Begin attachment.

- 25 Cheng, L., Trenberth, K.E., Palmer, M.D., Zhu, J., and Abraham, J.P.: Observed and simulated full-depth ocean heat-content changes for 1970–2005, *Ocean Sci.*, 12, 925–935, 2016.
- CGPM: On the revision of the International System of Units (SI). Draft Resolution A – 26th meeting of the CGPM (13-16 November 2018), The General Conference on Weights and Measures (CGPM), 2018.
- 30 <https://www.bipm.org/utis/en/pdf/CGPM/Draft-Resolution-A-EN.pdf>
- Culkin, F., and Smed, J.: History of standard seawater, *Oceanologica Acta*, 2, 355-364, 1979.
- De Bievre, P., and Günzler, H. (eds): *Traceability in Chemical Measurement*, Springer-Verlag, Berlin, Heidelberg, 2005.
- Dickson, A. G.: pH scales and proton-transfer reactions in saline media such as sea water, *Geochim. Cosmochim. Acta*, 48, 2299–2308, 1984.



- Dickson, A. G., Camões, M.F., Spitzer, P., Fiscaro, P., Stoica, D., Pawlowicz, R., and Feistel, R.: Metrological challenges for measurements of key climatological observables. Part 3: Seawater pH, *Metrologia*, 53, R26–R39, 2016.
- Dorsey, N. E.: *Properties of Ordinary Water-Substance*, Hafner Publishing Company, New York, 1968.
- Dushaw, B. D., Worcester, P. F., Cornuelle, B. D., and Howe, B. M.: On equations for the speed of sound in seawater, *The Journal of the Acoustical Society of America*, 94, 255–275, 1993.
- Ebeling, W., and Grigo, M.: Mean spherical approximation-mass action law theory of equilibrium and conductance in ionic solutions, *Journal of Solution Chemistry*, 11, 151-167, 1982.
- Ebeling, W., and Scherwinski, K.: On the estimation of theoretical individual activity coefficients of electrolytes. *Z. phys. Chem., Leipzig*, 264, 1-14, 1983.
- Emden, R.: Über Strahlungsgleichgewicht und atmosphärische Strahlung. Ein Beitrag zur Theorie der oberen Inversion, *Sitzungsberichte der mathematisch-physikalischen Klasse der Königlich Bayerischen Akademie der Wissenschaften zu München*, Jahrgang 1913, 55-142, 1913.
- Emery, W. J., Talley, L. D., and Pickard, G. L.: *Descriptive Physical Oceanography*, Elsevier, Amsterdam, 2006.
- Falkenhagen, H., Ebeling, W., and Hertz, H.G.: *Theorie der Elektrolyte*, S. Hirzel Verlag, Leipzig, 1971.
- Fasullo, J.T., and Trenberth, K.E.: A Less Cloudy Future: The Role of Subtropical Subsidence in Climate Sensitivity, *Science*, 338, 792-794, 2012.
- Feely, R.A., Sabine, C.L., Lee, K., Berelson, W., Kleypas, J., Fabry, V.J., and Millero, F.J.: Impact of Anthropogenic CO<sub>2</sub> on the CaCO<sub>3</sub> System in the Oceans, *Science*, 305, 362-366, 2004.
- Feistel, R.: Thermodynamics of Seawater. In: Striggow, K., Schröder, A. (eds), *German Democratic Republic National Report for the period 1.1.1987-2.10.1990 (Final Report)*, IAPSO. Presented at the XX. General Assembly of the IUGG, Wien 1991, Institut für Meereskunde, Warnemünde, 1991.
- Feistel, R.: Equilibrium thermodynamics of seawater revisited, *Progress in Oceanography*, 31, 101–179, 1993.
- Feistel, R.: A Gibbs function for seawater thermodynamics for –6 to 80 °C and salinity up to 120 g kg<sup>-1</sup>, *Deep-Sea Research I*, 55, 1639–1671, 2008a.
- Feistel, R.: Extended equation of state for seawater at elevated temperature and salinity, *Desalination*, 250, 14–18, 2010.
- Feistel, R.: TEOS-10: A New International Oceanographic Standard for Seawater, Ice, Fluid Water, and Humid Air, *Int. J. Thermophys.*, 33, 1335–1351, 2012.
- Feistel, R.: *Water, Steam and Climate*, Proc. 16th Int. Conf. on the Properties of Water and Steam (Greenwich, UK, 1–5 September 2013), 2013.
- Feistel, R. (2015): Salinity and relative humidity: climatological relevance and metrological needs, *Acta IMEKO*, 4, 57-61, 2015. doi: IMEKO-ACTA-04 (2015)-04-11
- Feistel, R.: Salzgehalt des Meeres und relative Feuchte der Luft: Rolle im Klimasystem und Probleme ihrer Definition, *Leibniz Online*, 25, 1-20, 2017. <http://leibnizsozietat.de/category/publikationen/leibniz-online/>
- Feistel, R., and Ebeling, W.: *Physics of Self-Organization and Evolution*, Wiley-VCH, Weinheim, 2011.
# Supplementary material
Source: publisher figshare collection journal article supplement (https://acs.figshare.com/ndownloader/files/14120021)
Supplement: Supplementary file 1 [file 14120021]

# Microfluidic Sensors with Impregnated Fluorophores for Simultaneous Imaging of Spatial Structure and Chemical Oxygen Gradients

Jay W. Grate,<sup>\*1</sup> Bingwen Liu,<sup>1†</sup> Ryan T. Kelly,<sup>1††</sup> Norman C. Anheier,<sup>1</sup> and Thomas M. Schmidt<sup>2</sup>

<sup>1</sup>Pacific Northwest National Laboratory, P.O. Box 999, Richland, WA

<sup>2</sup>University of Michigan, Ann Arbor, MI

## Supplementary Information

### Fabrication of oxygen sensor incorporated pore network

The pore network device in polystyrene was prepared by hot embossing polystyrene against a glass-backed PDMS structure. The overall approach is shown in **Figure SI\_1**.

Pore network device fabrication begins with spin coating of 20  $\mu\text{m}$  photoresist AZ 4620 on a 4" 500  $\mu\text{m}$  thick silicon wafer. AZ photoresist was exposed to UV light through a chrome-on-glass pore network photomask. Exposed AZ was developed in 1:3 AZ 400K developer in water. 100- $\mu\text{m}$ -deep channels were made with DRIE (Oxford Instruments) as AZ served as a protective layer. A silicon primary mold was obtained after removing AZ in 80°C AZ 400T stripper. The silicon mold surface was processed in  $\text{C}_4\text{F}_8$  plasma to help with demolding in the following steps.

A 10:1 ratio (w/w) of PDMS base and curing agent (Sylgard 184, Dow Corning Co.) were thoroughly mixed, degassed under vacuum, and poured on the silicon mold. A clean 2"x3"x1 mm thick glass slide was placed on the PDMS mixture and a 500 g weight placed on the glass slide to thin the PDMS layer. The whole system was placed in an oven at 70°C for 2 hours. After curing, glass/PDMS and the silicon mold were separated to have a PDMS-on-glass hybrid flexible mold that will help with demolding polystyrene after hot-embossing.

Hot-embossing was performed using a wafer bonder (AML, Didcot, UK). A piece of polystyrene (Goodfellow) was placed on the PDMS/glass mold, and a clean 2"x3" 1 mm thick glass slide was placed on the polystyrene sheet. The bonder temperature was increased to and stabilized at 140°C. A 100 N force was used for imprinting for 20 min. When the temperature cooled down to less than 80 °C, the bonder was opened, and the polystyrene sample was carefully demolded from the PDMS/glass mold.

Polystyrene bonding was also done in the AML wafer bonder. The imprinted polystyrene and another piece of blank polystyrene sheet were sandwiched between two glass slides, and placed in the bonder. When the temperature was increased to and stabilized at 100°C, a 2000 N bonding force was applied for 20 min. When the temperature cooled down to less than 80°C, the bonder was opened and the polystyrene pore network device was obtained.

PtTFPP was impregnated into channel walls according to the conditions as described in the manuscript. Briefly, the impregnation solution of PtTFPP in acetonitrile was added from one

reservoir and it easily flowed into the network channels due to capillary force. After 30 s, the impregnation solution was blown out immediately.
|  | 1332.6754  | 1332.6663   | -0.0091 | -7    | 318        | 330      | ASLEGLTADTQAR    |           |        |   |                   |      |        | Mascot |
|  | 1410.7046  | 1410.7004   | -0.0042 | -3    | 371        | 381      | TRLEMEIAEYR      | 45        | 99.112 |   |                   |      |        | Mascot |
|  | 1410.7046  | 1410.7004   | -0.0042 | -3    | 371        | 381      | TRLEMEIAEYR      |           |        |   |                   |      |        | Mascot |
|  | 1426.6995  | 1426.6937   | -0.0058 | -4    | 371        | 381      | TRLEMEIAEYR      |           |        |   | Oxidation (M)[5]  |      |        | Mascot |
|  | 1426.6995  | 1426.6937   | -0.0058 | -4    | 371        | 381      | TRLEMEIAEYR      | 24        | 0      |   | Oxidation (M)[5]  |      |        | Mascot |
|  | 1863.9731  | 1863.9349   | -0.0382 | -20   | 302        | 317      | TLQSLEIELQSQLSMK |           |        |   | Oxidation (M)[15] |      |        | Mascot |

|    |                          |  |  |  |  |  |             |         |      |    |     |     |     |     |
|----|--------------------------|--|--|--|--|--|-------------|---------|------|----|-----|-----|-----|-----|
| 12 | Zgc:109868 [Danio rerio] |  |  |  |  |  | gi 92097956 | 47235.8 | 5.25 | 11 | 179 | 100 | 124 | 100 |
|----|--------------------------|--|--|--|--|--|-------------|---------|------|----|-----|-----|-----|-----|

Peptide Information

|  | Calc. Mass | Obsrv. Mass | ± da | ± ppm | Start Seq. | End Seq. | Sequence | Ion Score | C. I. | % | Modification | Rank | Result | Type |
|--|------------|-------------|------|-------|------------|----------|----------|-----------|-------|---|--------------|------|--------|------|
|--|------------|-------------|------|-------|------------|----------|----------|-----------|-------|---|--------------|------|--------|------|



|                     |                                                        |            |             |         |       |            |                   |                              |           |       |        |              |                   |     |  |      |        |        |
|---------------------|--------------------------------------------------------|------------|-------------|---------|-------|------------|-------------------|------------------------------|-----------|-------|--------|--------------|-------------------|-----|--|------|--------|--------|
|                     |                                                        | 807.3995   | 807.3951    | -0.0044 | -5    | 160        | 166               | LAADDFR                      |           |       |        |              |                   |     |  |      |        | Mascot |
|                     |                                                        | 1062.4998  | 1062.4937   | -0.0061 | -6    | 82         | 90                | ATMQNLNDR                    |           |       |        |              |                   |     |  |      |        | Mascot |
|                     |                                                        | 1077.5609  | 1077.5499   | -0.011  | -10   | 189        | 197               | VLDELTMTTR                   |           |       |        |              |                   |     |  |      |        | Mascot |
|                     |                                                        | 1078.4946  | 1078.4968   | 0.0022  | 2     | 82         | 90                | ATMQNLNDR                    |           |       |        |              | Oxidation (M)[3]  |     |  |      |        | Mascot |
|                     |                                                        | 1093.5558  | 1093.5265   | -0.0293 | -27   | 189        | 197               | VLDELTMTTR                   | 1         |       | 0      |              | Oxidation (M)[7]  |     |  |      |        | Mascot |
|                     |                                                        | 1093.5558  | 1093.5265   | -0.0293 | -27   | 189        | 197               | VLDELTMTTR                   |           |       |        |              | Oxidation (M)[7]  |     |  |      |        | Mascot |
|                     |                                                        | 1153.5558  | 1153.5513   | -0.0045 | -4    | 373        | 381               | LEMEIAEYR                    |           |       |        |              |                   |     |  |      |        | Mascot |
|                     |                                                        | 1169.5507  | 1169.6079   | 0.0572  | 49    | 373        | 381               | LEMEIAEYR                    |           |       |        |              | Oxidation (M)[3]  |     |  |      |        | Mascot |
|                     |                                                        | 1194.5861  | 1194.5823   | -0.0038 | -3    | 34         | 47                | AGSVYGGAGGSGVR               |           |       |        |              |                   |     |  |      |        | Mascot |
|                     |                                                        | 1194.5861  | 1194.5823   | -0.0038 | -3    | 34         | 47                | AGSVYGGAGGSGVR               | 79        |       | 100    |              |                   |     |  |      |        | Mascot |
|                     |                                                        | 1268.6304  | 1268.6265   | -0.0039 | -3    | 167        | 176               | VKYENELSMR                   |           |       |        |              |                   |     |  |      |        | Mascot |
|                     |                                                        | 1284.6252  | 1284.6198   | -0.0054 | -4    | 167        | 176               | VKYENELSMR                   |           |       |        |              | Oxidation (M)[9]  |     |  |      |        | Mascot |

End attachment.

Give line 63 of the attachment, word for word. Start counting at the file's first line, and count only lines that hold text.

|                     |                                                        | 1093.5558  | 1093.5265   | -0.0293 | -27   | 189        | 197               | VLDELTMTTR                   |           |       |        |              | Oxidation (M)[7]  |     |  |      |        | Mascot |